Tuesday, August 25, 2015

American Citizenship

But when they had tied him up with thongs, Paul said to the centurion who was standing by, “Is it legal for you to flog a Roman citizen who is uncondemned?” When the centurion heard that, he went to the tribune and said to him, “What are you about to do? This man is a Roman citizen.” The tribune came and asked Paul, “Tell me, are you a Roman citizen?” And he said, “Yes.” The tribune answered, “It cost me a large sum of money to get my citizenship.” Paul said, “But I was born a citizen.” Immediately those who were about to examine him drew back from him; and the tribune also was afraid, for he realized that Paul was a Roman citizen and that he had bound him.  (Acts 22:25-29)

On at least two occasions - the incident in Jerusalem cited above and an earlier incident in Philippi (Acts 16:37-39), Saint Paul publicly invoked the fact of his Roman citizenship - a status which the local authorities felt constrained to take seriously. And when the Roman Tribune who questioned Paul in Jerusalem acknowledged that he had paid a considerable sum to acquire Roman citizenship for himself, Paul proudly retorted, "But I was born a citizen."  

One of the things that has made America so exceptional has been the primacy of an American civic identity which coexists with Americans' other inherited national, ethnic, racial, and linguistic identities. Generally speaking, most modern national states have an identity which is inherently bound up with an inherited national, ethnic, racial, or linguistic identity, which somehow helps to define both the state and its citizens in terms of their Frenchness, Germanness, Italianness, etc. In contrast, the United States has from the beginning cultivated a distinctive civic identity, shared by all citizens regardless of their inherited national, ethnic, racial, and linguistic identities. One key component of this shared American civic identity, of this experience of Americanness, is the fact that American citizenship is automatically acquired by those who are born here, whether their parents were themselves born here or came here as immigrants (as almost every American citizen's ancestors did at some point).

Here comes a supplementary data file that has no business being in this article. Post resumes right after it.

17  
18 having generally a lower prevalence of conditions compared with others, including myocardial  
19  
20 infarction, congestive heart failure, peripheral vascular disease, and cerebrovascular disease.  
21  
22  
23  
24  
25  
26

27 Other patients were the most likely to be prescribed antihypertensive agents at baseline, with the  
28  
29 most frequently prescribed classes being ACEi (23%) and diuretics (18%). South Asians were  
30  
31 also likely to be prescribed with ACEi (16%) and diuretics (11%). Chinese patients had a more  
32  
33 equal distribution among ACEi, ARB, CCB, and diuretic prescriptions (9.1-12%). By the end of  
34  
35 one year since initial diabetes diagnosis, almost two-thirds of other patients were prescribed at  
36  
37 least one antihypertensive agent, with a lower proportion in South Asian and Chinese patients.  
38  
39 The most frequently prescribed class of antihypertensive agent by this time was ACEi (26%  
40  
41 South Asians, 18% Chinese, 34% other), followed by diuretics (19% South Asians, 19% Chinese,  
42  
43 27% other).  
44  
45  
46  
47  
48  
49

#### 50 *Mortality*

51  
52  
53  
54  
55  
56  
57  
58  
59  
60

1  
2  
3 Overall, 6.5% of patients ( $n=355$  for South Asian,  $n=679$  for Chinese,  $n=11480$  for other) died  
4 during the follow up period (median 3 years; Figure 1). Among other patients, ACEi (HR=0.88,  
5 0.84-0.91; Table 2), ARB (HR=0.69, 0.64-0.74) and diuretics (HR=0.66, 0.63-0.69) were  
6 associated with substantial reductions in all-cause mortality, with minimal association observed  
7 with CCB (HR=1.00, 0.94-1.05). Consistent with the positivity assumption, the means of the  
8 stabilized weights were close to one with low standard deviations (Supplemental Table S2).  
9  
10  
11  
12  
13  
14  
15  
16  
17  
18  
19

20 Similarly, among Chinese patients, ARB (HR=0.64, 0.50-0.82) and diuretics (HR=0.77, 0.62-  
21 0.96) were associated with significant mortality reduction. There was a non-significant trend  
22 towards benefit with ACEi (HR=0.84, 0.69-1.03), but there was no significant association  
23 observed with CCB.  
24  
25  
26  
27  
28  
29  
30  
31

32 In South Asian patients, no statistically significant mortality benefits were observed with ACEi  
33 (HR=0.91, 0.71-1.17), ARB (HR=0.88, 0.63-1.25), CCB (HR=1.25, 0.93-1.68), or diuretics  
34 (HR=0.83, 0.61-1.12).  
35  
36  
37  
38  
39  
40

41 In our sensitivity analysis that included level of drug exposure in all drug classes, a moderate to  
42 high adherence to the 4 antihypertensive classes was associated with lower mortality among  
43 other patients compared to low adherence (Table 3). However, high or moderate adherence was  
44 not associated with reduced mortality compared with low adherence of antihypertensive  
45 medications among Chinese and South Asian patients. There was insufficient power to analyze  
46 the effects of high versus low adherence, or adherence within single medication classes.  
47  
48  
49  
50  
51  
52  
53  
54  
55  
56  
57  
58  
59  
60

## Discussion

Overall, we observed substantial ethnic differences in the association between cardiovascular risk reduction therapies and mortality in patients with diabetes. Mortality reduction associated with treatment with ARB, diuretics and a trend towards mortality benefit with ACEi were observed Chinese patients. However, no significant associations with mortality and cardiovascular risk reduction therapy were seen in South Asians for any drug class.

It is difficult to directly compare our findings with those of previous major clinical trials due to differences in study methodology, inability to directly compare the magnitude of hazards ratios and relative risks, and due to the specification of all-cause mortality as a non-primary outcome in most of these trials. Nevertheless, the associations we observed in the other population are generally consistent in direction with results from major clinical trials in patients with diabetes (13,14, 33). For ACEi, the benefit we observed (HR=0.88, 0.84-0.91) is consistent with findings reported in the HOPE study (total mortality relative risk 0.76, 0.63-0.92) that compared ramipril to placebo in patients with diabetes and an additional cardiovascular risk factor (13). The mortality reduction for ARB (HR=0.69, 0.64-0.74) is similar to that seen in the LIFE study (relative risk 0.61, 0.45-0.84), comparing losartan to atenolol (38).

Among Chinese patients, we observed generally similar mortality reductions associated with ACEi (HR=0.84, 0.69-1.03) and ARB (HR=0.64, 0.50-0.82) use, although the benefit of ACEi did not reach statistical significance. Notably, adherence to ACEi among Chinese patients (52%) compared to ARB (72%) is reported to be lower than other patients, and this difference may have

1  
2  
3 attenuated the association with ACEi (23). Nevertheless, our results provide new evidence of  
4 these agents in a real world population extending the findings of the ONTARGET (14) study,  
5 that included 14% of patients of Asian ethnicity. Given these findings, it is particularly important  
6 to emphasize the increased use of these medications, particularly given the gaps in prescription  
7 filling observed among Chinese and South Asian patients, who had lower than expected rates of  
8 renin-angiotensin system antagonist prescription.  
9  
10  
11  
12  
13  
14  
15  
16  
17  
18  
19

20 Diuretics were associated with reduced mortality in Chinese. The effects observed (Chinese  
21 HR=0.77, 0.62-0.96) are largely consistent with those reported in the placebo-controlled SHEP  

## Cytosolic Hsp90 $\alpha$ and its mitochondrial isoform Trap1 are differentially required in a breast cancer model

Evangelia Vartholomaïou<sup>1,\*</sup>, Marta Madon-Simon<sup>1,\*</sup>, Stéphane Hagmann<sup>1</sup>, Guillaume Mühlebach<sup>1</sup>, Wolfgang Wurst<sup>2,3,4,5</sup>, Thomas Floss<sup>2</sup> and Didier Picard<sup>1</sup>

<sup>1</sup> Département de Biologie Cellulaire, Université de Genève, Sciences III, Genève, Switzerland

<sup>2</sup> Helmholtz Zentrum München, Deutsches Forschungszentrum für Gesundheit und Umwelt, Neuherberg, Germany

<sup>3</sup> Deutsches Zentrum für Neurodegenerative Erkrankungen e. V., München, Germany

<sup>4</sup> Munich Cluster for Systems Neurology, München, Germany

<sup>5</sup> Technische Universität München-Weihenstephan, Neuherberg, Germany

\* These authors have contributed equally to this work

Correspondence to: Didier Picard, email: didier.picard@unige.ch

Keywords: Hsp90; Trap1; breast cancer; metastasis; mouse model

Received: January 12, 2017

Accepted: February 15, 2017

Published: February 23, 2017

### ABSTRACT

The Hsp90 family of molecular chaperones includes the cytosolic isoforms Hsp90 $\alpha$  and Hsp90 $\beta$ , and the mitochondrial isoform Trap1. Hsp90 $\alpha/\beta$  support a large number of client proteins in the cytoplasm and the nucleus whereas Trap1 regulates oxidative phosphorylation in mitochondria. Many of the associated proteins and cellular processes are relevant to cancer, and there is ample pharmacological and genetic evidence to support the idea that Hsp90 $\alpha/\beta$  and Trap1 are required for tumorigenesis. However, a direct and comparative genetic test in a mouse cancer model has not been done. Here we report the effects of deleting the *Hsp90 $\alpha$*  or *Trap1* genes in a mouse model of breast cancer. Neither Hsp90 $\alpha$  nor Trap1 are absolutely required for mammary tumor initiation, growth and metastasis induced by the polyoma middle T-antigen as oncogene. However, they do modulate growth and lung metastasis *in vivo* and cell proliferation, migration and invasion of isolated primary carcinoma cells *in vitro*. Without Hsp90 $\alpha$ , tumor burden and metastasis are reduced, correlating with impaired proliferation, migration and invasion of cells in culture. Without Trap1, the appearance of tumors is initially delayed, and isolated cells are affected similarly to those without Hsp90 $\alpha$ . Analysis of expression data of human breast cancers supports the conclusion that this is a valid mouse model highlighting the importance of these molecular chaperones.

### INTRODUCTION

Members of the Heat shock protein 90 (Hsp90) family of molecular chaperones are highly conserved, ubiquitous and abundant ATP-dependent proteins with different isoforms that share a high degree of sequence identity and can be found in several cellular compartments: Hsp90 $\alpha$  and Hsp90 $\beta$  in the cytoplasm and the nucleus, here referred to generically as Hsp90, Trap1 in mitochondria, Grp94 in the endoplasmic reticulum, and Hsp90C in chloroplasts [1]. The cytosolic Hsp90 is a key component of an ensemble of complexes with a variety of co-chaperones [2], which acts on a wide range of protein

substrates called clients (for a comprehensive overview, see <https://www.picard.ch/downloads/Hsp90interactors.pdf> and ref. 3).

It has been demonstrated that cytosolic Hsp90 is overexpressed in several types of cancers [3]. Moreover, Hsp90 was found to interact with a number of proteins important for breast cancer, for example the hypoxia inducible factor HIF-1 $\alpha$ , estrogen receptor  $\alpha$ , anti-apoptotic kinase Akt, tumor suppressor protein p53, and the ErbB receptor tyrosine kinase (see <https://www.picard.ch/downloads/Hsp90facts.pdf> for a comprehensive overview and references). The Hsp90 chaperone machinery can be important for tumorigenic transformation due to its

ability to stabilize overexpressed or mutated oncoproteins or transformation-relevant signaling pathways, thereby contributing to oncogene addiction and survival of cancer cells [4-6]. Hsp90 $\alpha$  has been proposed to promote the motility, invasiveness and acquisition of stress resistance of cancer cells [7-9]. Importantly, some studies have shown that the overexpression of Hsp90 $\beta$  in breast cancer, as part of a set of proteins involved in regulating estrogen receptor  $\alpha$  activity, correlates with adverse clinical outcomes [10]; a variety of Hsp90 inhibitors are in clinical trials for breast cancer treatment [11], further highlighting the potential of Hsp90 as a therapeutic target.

This has been a guiding principle for much of this country's history. When the infamous Dred Scott decision denied citizenship to African Americans in 1857, Jone Justice argued in dissent: At the Declaration of Independence, and ever since, the received general doctrine has been, in conformity with the common law, that free persons born within either of the colonies, were the subjects of the King; that by the Declaration of independence, and the consequent acquisition of sovereignty by the several States, all such persons ceased to be subjects, and became citizens of the several States.

It was to undo that justly derided Dred Scott decision that the 1866 Civil Rights Act aimed to declare citizens all those born in the United States (with certain specific exceptions, such as Indians who were then still considered primarily as members of other sovereign nations). This position was ultimately incorporated into the Constitution in 1868 in the 14th Amendment, which famously states: All persons born or naturalized in the United States, and subject to the jurisdiction therefor, are citizens of the United States and of the State wherein they reside.

That is the brighter side of the story. A sadder, darker side of the American story is the periodic appearance and persistence of anti-immigrant nativist movements, as the descendants of yesterday's immigrants seek to close Lady Liberty's Golden Door shut against today's immigrants and their children. Nativism is one of those curious constants in this nation of immigrants' otherwise inspiring story. Just recently, for example, I have been reading Paul Moses, An Unlikely Union: The Love-Hate Story of New York's Irish and Italians (NYU Press, 2015), which recalls the 19th and early 30th-century hostility of early generations of New York Irish against the more recently arrived Italians. Particularly interesting is his account of the hostile reception Italians received from their clergy and co-religionists in the Irish-run Church. (The rest of society also treated the Italians badly in that era when progressive opinion endorsed then fashionable theories about superior and inferior races and nations.) How much more defenseless would Italian and Jewish and other immigrant groups have been had they not benefitted - as all immigrant groups have benefited - from the American legal tradition of Birthright Citizenship.